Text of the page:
How To Create Believable Character Change


Picture by Bensik lmeri

Have you ever met Supermom? You know, the mom who knows everything about being mom of the year and makes you look like you belong at amateur week?

Yeah. I’ve met her too. She is the one who I sweat bullets over becoming like, only to fall miserably on my face.

Face plant. That’s me.

If I were to take apart her journey, she probably didn’t get her Supermom status over night. There had to be some smaller steps along the way. No one can be that amazing instantly.

In fact, I bet she even failed at some time or another. Whew, that makes me feel a bit better.

Real life teaches us that talent and experience blend together to create change or growth in our lives. Our characters should grow the same way if their change is to be believable.

How To Create Believable Character Change:

*Define the clear start and end points. To show our character’s change we must identify where they are starting and ending. Then the midpoints are more easily defined.

*Identify small growth steps between the beginning and end points. People change in baby steps. The person who is terrified of water, won’t all of the sudden be an expert swimmer without first getting in the water and practicing.

*Identify small failures and obstacles that they overcome before complete transformation. If a character is not challenged as they reach for the end result, the reader does not value the change and it will make no impact on their lives as they read.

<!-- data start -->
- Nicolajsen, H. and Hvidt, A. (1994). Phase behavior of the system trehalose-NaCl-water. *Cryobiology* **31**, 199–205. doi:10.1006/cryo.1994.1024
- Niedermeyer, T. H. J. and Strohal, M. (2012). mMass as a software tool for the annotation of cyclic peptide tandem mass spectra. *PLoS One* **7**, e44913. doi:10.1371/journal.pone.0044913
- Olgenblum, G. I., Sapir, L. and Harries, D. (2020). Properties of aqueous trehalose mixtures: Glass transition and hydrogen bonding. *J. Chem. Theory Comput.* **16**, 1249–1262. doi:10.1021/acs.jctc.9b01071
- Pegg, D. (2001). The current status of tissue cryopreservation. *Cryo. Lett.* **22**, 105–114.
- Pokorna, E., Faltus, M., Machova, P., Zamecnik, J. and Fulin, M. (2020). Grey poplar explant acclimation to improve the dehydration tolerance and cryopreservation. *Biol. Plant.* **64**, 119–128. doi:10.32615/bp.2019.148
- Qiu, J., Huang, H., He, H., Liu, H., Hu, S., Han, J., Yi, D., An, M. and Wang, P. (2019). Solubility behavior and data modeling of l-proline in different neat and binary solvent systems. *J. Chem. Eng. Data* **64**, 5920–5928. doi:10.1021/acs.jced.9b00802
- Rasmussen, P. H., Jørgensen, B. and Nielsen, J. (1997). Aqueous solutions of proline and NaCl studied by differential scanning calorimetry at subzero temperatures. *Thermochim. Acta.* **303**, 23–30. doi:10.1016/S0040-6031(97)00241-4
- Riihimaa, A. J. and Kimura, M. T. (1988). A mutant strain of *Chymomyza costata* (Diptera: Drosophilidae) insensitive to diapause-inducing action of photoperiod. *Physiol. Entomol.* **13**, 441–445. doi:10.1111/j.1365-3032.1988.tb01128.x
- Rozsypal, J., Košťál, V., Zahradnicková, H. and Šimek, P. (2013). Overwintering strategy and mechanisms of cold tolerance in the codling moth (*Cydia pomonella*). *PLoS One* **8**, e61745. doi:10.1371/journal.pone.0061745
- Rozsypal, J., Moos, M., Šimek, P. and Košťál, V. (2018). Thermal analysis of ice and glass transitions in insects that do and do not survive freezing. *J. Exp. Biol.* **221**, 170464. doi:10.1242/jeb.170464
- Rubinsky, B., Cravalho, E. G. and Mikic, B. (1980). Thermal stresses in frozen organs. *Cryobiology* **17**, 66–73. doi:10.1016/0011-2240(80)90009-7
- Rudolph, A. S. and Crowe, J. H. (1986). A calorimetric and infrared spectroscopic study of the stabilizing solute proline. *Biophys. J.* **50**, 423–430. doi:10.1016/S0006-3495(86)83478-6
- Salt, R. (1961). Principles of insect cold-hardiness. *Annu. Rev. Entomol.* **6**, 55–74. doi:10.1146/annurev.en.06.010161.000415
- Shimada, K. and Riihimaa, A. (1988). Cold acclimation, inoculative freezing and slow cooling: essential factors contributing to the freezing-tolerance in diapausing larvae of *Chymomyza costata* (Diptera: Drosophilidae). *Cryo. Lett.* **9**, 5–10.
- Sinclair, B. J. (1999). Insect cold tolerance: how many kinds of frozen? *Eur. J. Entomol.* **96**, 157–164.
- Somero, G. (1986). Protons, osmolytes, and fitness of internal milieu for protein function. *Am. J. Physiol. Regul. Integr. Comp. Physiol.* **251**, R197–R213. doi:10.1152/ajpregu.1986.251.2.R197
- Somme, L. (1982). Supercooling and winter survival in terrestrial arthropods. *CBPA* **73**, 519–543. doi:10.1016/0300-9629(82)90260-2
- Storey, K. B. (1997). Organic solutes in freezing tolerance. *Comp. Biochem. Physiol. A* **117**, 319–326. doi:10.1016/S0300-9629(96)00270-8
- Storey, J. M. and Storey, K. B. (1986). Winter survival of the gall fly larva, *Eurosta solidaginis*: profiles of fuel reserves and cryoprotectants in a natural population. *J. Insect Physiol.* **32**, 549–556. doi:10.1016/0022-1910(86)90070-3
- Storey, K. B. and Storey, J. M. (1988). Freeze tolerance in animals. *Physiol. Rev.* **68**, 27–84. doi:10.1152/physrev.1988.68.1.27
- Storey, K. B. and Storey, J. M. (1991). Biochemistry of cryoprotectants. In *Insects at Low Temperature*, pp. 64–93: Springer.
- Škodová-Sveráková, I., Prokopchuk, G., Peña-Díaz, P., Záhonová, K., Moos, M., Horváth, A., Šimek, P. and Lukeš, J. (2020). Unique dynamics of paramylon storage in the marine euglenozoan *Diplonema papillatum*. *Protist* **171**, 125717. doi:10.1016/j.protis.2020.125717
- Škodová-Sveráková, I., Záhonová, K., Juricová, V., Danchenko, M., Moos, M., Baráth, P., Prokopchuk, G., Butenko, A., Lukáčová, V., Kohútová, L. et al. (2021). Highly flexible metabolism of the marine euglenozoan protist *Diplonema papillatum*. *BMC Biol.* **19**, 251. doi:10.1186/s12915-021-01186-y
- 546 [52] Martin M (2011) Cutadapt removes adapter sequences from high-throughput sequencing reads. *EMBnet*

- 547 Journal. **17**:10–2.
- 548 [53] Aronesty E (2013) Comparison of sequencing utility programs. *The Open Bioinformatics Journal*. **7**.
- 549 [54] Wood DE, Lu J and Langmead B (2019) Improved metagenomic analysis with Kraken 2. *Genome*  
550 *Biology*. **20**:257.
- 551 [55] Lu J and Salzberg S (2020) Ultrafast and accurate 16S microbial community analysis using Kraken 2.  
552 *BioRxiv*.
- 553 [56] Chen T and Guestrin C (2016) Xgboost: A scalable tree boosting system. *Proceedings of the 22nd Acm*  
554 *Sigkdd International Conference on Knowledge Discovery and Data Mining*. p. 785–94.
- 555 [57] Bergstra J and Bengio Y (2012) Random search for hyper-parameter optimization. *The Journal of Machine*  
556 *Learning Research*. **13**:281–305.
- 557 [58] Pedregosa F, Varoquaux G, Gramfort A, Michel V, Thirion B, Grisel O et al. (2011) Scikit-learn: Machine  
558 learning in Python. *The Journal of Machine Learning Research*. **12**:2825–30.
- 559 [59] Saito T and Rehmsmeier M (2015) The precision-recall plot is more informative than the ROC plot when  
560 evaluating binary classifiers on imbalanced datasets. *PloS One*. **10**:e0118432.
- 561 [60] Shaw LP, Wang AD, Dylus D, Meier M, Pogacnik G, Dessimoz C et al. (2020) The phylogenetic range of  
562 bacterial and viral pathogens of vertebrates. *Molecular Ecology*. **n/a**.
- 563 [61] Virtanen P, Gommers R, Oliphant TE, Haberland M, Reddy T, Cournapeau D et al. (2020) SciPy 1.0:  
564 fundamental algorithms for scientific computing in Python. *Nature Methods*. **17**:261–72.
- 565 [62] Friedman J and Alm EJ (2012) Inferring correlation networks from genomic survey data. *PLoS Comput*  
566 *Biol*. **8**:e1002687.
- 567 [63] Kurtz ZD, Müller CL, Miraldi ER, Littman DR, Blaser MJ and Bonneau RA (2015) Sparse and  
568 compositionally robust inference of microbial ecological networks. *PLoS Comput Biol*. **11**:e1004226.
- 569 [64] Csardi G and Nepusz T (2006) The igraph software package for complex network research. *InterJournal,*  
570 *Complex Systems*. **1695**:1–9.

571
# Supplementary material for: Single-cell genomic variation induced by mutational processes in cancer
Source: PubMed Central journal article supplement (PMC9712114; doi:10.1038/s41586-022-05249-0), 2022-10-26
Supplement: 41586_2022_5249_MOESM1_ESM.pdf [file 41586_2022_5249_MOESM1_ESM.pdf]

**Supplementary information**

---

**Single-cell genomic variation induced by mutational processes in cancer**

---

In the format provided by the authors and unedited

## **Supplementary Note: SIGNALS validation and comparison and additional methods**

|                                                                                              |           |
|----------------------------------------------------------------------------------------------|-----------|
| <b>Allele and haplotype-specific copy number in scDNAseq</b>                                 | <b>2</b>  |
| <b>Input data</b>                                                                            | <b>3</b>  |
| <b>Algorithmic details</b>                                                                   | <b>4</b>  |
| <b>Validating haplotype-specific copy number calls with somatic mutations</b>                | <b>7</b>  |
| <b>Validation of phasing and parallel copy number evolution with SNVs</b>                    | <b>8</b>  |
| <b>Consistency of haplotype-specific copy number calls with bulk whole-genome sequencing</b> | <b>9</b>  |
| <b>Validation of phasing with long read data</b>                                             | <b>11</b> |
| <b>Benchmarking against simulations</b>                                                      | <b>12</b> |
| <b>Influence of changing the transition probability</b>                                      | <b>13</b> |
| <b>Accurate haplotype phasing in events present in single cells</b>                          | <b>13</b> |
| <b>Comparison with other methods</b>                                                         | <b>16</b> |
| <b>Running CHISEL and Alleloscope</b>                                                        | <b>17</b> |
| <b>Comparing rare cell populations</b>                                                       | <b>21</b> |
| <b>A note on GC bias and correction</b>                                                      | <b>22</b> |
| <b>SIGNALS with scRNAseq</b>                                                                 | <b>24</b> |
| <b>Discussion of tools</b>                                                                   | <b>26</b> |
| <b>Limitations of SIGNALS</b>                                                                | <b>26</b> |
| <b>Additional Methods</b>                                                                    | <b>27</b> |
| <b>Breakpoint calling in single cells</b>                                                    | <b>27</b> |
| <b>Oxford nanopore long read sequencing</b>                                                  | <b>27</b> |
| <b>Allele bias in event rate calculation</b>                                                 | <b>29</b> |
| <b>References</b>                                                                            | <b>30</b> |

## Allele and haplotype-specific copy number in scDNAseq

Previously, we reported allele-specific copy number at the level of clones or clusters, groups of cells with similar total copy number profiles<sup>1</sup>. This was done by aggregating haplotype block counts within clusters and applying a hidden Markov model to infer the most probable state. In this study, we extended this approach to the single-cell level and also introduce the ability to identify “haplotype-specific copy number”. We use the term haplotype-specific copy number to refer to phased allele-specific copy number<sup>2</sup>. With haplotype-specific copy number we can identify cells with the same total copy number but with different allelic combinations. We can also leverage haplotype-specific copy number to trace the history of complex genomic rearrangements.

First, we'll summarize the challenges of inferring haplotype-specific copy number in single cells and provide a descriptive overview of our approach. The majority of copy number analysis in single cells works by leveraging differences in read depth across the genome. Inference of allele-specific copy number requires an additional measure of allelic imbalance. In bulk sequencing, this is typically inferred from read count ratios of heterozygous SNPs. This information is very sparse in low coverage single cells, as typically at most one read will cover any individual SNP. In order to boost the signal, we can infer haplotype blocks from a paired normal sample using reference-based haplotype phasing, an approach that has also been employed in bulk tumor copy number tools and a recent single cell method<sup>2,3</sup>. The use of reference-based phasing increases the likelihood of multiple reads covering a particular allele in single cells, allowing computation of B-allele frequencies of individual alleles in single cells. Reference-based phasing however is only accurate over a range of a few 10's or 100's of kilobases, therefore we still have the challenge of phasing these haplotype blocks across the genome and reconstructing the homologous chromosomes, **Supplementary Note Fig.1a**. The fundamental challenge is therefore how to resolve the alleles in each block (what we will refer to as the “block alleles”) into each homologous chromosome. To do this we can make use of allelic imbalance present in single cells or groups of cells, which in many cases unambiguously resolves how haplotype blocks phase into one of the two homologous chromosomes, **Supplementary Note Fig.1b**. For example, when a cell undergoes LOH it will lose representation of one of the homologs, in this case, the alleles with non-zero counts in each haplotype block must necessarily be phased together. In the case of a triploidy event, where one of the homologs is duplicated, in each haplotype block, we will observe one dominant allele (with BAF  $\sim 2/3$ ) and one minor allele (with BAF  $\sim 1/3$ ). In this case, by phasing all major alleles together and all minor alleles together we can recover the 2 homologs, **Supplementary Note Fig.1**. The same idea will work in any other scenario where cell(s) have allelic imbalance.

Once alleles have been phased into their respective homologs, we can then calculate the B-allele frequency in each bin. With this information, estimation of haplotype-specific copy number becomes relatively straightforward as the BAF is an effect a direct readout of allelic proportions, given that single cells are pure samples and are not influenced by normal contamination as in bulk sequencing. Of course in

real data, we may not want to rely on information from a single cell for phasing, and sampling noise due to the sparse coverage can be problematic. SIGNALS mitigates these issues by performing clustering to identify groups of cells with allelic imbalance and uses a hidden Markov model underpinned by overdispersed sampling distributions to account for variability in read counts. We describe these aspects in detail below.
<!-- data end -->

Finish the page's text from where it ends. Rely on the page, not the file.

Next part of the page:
Lily struggles to trust anyone to do some of the homework in their group assignments. She can’t afford to get anything less than an “A”.

Here is what I might do to plot the change:

Start point– Lily will not let anyone else take home project work.

Midpoint– Lily lets someone take home project work, but checks it and makes changes before turning it in.

End Point– Lily lets someone else take home project work and trusts them enough to turn it in without checking their work.

Failures/Obstacles- Lily loses points because she did all of the work herself on the first project, Lily discovers she doesn’t know everything- changes something incorrectly on the project, and another one could be that her team mates resent her for taking control.

This is a simple example of how this might work. Think through the progression of how a character changes in your story. Make sure it is a logical progression and has baby steps.

Marlin in Finding Nemo is one of my favorite character change examples.

What is one of your favorite character changes in a book or movie?


For Every Marlin There Is A Dory – How To Create A Sidekick Character

For everyone hero and heroine there is a sidekick personality that will make your novel stand out. In the case of the movie Finding Nemo, Dory is the character that makes the story. Can you imagine it without her?

Let’s compare the two:

Marlin:  cautious, focused, pessimistic, fearful,  and guilt-ridden

Dory:  impulsive, scatterbrained, optimistic, adventurous, and carefree

Do you see how these two characters complete each other? We can create the same type of sidekick character in our stories.

Another component:

Marlin’s goal is to find his son. Dory complicates his mission with her inability to remember things. Ultimately, she saves the day with her memory and tenacity. Putting these two characters in a situation to annoy each other adds more spark to the story.

Your characters don’t always have to be opposite, but this is one way you can build your story with that likable character component.

Who are your favorite characters of all time?